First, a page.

The Information Systems professional association in Australia – the Australian Computer Society (ACS) - defines the core body of Information and Communications Technology (ICT) knowledge including components such as Technology Building, Technology Resources, Service Management, Outcome Management, ICT Problems Solving and Professional Knowledge (Gregor, von Konsky, Hart, & Wilson, 2008). Universities and professional associations providing ICT courses often use this core body of knowledge in the development and assessment (for accreditation) of their ICT curriculum. A large part of the ICT curriculum recommended for the Information Systems (IS) sub-discipline intersects technology and business topics, and relies on gaining professional knowledge and skills, such as Ethics, Professionalism, Teamwork, Interpersonal communication, Societal and Legal issues, as well as, History and Status of discipline. According to surveys (such as Kim, Shim, & Yoon, 1999; Lee, 2004) into expectations of employers and employees in relation to the demands of IS jobs, students need to develop abilities to grasp complex inter-disciplinary concepts, gain fluency in using information technology, acquire insight into modern business needs, and sensitivity to personal, social, and cultural issues.

Students’ early exposure to the fundamentals of business and ICT, creation of a professional skill base, as well as, gaining practical experience in applying this knowledge and skills, are the determinants of success in their study and development as IS professionals. While such an exposure to a real world workplace environment would be desirable, it is often difficult to conduct in terms of cost, resources, risk management and availability of practitioners, and organisations willing to participate (Nguyen & Cybulski, 2008). E-simulations, or computer-based and online simulations can, however, be used to provide learners with some of the real world experiences while overcoming difficulties commonly faced by IS educators. Experiential e-simulations (Gredler, 1996) are especially valuable for IS education as they emphasise gaining practical experience and application of professional knowledge and skills in the safety of educational settings. Experiential e-simulations allow learners to take on an active role in the e-simulation, engage in the simulated practice and perform tasks associated with their professional role, participate in decision-making, thus controlling pathways through the simulation scenarios, and consequently influencing learning outcomes through their own actions and engagement (Cybulski, Parker, & Segrave, 2006).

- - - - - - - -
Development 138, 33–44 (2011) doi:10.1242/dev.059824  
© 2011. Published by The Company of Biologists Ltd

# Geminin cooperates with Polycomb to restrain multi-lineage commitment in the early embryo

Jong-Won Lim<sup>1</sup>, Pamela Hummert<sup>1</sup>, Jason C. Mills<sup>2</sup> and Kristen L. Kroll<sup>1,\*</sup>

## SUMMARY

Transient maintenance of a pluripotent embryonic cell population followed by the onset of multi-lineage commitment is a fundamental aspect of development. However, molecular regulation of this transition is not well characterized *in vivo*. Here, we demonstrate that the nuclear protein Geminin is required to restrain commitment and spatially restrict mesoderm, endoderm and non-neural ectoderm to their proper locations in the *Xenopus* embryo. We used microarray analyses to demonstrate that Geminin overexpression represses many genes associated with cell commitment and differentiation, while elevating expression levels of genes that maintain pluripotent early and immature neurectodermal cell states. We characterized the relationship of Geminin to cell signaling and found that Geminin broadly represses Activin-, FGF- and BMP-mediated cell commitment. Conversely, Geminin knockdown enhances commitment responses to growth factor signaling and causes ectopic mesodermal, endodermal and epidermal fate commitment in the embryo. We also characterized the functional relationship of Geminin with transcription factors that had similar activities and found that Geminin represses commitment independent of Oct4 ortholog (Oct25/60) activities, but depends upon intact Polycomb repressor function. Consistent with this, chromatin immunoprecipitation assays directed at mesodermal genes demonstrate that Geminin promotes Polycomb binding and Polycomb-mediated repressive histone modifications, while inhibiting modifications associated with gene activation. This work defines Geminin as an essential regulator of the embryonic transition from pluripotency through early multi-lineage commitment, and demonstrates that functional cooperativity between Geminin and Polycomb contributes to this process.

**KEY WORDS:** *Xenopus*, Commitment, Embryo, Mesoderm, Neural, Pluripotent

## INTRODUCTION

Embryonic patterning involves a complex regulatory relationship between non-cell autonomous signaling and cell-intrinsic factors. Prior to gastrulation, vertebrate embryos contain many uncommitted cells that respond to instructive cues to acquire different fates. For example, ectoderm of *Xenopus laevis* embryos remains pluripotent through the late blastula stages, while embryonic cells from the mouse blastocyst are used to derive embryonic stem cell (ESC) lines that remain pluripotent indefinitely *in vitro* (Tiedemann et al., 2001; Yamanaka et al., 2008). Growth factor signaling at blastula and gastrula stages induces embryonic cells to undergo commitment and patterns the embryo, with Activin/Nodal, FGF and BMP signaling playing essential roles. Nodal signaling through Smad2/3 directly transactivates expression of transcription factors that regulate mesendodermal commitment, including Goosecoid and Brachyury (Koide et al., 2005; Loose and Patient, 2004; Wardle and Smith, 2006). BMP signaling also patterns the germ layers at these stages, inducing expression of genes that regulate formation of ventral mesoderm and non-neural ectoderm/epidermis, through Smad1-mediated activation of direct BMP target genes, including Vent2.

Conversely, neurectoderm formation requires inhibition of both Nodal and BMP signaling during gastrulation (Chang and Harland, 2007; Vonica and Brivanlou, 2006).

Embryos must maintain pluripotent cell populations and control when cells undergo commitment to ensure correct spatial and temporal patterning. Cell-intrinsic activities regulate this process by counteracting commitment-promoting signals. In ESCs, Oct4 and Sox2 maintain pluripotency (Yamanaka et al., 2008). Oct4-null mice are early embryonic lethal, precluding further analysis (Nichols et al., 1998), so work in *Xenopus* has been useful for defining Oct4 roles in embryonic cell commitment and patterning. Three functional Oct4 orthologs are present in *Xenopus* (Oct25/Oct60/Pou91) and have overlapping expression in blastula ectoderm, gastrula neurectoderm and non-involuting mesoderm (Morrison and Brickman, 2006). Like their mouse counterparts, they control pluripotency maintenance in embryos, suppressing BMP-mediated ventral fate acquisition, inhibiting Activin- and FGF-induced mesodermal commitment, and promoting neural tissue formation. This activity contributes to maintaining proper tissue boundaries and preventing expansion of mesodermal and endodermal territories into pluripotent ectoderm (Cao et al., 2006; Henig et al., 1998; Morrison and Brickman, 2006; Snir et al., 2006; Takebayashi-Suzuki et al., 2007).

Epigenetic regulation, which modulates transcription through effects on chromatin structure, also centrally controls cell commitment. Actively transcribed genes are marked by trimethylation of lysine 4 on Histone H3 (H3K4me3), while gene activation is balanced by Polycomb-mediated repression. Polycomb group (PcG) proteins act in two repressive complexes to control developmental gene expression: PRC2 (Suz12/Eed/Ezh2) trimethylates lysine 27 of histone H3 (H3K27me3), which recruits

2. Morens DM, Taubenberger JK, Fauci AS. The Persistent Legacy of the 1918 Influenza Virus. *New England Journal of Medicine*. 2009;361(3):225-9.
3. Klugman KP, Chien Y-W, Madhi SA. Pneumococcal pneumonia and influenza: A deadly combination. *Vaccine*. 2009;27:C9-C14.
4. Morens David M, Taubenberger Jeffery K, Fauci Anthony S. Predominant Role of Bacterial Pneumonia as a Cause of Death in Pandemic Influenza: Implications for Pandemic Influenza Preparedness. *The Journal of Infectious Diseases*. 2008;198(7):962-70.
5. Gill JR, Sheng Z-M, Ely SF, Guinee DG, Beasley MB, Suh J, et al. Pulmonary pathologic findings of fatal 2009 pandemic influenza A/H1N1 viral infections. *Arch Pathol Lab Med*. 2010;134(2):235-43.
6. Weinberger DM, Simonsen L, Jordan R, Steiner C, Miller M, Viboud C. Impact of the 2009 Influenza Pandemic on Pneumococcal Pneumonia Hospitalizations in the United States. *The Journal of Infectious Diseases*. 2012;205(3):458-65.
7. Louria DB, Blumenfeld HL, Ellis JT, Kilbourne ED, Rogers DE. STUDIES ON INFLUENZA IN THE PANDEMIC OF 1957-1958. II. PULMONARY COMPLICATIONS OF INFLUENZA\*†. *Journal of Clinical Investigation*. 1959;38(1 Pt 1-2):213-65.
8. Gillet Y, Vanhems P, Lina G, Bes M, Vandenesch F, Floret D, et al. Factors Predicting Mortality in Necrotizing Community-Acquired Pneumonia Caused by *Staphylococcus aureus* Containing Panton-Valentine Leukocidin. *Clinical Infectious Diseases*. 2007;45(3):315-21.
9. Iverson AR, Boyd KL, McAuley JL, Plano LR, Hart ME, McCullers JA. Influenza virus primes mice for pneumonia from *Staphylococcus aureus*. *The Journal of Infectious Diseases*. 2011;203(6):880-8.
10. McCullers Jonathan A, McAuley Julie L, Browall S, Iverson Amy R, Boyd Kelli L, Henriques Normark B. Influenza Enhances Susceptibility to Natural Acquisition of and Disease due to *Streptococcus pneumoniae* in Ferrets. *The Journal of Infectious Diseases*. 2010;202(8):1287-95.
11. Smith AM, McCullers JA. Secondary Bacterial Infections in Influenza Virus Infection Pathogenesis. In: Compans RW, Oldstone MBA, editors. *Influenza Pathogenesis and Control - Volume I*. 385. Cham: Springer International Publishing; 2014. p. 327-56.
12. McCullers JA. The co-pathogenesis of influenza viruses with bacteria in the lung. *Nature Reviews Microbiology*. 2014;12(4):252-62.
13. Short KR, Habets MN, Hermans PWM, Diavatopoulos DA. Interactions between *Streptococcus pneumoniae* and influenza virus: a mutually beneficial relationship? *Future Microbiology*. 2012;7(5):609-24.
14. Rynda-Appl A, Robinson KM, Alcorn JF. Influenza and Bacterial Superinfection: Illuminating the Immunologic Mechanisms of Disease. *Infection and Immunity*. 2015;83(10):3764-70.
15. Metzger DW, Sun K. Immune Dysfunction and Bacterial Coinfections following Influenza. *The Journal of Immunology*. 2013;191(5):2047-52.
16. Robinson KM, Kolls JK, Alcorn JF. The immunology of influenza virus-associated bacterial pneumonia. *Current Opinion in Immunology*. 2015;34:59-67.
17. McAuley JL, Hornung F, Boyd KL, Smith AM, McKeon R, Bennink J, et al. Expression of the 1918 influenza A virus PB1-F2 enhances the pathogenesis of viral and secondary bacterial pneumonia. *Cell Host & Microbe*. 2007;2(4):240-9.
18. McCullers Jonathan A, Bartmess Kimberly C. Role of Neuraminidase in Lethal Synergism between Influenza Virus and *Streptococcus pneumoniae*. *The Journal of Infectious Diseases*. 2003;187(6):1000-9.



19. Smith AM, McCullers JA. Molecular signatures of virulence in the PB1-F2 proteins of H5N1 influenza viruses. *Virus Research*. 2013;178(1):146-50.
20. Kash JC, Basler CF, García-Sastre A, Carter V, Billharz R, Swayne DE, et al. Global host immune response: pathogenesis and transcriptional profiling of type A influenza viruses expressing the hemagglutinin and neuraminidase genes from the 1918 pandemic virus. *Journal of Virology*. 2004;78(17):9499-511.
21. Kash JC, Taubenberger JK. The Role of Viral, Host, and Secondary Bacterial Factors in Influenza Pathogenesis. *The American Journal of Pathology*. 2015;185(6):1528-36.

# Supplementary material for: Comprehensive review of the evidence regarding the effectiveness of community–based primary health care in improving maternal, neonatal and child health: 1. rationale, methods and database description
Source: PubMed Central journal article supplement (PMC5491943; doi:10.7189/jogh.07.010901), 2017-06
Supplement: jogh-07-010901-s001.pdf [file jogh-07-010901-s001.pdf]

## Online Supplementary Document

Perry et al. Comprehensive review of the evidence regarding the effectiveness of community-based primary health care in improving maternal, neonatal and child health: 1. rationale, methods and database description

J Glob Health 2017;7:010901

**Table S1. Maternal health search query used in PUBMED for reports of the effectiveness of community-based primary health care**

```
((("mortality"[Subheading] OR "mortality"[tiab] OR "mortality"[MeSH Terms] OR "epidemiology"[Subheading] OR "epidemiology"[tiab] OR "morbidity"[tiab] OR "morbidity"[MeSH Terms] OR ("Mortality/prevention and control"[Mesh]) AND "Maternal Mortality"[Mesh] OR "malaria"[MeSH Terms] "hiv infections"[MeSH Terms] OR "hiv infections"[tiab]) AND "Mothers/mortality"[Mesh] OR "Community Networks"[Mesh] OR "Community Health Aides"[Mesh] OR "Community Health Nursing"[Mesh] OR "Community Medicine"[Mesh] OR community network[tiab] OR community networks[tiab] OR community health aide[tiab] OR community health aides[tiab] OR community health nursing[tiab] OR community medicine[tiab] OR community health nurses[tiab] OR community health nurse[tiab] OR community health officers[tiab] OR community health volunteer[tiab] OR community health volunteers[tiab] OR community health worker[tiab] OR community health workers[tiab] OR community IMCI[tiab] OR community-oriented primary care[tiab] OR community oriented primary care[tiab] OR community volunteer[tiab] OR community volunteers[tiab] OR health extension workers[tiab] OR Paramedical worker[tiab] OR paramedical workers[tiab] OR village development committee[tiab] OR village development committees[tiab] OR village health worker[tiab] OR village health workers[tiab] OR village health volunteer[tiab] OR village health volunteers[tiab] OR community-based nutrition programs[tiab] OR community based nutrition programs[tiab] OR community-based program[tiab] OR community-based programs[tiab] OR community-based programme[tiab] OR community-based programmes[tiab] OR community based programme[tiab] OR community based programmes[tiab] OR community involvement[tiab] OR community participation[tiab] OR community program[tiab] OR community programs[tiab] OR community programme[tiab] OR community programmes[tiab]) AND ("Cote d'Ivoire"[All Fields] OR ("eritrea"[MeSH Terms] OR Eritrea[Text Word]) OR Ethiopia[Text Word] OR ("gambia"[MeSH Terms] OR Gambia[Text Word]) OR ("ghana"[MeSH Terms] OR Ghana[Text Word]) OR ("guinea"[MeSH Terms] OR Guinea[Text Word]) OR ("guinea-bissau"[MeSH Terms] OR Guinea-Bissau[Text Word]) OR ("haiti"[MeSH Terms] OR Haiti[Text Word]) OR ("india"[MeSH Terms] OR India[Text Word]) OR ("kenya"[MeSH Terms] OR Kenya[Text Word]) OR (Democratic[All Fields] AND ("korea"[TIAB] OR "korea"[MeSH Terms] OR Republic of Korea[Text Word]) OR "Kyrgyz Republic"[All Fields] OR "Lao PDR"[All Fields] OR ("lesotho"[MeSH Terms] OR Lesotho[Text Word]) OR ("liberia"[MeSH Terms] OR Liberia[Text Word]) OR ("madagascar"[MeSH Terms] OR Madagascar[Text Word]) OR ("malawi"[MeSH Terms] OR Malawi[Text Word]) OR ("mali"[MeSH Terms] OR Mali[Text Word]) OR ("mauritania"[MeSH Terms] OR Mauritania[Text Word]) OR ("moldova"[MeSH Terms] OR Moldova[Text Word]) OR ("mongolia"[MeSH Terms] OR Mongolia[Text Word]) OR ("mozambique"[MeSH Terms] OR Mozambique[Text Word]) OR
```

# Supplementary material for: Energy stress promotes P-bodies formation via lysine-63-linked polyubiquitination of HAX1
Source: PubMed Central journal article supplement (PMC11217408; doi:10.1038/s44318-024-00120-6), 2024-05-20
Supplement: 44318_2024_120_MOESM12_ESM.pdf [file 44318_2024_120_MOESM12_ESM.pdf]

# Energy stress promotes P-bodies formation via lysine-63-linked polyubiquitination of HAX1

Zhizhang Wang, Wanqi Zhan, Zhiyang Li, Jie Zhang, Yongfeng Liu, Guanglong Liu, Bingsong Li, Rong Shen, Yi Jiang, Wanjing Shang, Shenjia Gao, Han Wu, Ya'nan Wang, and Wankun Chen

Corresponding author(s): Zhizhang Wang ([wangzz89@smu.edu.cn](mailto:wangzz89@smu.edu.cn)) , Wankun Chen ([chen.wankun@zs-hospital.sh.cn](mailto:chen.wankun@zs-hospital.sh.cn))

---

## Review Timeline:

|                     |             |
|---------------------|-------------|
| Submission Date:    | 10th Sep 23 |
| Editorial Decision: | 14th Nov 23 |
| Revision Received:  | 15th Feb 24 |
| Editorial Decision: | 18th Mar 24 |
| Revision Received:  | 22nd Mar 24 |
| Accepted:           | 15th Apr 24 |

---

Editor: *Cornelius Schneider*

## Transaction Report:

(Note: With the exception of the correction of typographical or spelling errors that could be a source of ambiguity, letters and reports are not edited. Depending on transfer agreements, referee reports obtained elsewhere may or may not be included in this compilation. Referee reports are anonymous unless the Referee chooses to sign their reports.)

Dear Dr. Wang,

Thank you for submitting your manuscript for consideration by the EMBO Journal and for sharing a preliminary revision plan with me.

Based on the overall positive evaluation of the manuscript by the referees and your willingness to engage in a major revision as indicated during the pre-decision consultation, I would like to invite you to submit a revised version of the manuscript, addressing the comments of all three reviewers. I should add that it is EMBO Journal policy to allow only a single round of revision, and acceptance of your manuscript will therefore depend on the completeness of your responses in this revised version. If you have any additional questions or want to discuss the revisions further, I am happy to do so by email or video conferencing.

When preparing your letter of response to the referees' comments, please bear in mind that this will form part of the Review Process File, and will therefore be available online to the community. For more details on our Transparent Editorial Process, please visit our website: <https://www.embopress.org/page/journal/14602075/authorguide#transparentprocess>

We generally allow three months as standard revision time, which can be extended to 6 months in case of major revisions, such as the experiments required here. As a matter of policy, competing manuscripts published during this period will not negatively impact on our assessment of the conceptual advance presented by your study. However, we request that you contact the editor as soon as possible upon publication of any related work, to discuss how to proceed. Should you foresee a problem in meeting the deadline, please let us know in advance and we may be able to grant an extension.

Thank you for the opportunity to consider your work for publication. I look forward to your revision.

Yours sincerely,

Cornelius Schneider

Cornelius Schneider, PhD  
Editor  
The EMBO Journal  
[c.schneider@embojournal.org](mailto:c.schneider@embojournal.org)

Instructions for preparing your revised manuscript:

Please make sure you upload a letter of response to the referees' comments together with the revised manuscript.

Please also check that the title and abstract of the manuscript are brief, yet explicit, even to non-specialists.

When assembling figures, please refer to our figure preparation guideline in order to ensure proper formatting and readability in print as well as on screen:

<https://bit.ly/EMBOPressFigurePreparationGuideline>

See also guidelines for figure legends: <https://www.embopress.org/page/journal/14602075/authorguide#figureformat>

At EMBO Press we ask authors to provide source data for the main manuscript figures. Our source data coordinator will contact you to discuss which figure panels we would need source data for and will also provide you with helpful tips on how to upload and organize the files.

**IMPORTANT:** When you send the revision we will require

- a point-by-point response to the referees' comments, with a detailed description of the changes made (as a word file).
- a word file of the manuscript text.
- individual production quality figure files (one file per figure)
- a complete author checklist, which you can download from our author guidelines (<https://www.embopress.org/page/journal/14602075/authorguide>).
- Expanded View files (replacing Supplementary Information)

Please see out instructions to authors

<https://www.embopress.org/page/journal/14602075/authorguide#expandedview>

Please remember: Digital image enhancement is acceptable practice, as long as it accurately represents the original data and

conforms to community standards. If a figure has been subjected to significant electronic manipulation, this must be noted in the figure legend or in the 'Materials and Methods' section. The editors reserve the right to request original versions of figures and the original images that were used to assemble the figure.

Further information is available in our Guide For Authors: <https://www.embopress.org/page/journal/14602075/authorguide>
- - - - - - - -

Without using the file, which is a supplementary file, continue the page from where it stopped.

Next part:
Student-centred learning is an education approach that is based on, and influenced by, various educational theories primarily including constructivist, experiential learning (Piaget, 1950; Vygotsky, 1978), and individual development and interpersonal relationship in the facilitation of learning (Rogers, 2002). Learning with e-simulations is useful in directly providing experiential learning, and as has been found in this project (Cybulski, et al., 2006). Not only does it recognise student’s learning needs, characteristics, and learning styles, but it also focuses on the facilitation and engagement of the student in learning as opposed to the focus being on the teacher perspective and the teaching instruction.